WHO reports first bird flue death in Mexico

The death came from a previously unconfirmed strain of bird flu.

The World Health Organization (WHO) has reported the first human death caused by a previously unconfirmed strain of bird flu – called H5N2 – in Mexico.

The man’s infection with H5N2 has never before been found in humans.


Driving the news: The source of the man’s infection remains unclear, although H5N2 has been detected in poultry in Mexico.

  • H5N2 is a different strain from the H5N1 strain that has affected dairy cow herds in the U.S.
  • Previous outbreaks of various bird flu strains, such as H5N6, have led to human deaths in other countries, including China.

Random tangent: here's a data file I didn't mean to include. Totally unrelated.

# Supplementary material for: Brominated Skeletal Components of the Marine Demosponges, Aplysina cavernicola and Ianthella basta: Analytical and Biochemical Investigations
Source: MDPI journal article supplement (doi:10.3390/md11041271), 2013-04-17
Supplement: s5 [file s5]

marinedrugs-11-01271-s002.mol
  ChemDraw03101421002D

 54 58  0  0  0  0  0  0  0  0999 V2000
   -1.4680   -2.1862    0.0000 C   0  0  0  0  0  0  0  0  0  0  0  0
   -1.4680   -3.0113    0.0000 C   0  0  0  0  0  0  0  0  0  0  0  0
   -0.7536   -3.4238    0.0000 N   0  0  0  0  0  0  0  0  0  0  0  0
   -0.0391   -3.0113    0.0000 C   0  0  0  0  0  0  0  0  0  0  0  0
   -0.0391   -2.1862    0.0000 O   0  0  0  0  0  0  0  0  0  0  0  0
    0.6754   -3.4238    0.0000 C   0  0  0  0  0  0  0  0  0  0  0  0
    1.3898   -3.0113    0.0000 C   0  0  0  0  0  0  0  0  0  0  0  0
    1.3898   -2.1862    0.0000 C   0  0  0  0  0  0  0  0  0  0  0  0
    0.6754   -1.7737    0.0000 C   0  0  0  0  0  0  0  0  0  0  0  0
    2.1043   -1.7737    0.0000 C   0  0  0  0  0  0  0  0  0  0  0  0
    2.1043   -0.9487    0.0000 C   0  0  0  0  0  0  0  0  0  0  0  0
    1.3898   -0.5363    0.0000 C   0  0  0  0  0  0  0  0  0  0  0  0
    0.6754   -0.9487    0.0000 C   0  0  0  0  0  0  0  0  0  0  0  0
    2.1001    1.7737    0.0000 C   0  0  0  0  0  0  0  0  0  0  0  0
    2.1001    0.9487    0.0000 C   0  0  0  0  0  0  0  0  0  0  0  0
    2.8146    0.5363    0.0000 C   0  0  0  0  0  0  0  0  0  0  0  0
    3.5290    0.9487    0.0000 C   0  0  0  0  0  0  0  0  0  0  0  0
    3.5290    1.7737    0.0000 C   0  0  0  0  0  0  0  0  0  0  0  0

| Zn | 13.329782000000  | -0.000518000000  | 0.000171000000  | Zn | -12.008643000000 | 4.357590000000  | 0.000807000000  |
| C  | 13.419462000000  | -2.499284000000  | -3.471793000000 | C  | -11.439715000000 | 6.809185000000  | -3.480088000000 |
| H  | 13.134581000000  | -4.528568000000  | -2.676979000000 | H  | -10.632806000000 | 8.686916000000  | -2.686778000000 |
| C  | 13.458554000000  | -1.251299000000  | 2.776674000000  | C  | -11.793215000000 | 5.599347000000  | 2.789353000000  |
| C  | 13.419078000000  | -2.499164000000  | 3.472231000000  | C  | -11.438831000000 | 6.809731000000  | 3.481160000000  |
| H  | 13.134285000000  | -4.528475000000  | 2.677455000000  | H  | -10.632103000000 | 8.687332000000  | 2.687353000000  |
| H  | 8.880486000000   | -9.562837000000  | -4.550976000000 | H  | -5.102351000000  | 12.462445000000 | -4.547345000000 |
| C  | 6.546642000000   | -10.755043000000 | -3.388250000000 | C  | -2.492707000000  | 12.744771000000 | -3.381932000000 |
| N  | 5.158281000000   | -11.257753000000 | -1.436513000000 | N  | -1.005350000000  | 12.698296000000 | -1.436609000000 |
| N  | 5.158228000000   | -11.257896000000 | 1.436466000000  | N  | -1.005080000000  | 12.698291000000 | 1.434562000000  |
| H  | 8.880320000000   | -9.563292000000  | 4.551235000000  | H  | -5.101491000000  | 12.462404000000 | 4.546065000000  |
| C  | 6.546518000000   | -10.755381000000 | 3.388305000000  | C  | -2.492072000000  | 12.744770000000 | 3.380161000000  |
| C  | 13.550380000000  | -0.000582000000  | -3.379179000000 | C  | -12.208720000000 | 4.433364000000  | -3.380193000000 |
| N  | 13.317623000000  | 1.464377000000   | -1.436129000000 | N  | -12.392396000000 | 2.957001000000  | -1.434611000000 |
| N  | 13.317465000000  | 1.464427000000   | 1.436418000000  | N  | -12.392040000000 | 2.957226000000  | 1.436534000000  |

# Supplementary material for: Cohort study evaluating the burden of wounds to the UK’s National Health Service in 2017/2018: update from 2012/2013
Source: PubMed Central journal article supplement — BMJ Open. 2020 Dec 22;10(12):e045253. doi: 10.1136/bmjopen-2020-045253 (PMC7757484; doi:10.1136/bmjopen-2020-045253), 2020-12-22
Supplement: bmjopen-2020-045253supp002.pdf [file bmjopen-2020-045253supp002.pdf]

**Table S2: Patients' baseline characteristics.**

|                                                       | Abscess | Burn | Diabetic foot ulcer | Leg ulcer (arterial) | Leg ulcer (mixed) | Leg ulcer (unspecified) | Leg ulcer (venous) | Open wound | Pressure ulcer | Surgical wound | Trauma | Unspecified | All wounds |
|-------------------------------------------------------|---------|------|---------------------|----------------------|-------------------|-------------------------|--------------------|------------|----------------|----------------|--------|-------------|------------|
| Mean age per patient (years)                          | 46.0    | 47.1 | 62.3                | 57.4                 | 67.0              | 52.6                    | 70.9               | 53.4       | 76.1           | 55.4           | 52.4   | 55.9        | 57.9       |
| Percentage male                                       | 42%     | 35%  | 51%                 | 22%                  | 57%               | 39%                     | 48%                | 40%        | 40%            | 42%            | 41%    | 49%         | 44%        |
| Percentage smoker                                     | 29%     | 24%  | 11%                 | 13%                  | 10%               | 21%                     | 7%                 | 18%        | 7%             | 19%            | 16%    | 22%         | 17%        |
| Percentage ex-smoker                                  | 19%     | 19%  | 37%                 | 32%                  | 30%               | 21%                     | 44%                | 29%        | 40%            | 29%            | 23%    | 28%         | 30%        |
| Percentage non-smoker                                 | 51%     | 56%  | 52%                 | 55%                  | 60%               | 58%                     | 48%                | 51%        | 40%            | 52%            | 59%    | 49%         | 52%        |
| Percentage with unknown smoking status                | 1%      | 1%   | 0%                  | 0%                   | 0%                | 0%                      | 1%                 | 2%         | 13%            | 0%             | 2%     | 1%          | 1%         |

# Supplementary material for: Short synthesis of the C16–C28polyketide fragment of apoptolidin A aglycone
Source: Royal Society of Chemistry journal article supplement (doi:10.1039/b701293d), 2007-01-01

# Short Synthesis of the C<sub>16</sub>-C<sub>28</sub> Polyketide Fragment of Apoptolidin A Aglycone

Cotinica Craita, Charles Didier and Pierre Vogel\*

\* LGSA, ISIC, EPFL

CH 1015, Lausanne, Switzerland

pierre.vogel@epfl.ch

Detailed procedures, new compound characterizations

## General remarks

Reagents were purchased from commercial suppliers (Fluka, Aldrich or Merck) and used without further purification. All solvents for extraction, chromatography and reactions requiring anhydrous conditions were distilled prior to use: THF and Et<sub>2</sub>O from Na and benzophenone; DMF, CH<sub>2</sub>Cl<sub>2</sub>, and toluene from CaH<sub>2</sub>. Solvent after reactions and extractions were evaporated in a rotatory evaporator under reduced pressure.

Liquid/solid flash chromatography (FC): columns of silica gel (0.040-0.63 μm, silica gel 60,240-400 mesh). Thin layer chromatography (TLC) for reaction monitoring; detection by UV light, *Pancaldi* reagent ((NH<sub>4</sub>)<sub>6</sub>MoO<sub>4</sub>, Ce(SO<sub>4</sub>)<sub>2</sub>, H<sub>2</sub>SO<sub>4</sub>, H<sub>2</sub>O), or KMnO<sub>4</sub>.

The big picture: Mexican health officials alerted the WHO about the 59-year-old man who died in a Mexico City hospital from the virus. 

  • He had no known exposure to poultry or other animals.
  • The man had underlying ailments, including chronic kidney failure, diabetes, and high blood pressure. 
  • Initial tests indicated an unidentified type of flu, which subsequent laboratory testing confirmed as H5N2.

Go deeper: The WHO has stated that the risk to people in Mexico is low, and no further human cases have been discovered at this time.

  • Although there were poultry outbreaks of H5N2 in nearby parts of Mexico, authorities have not been able to establish a connection.
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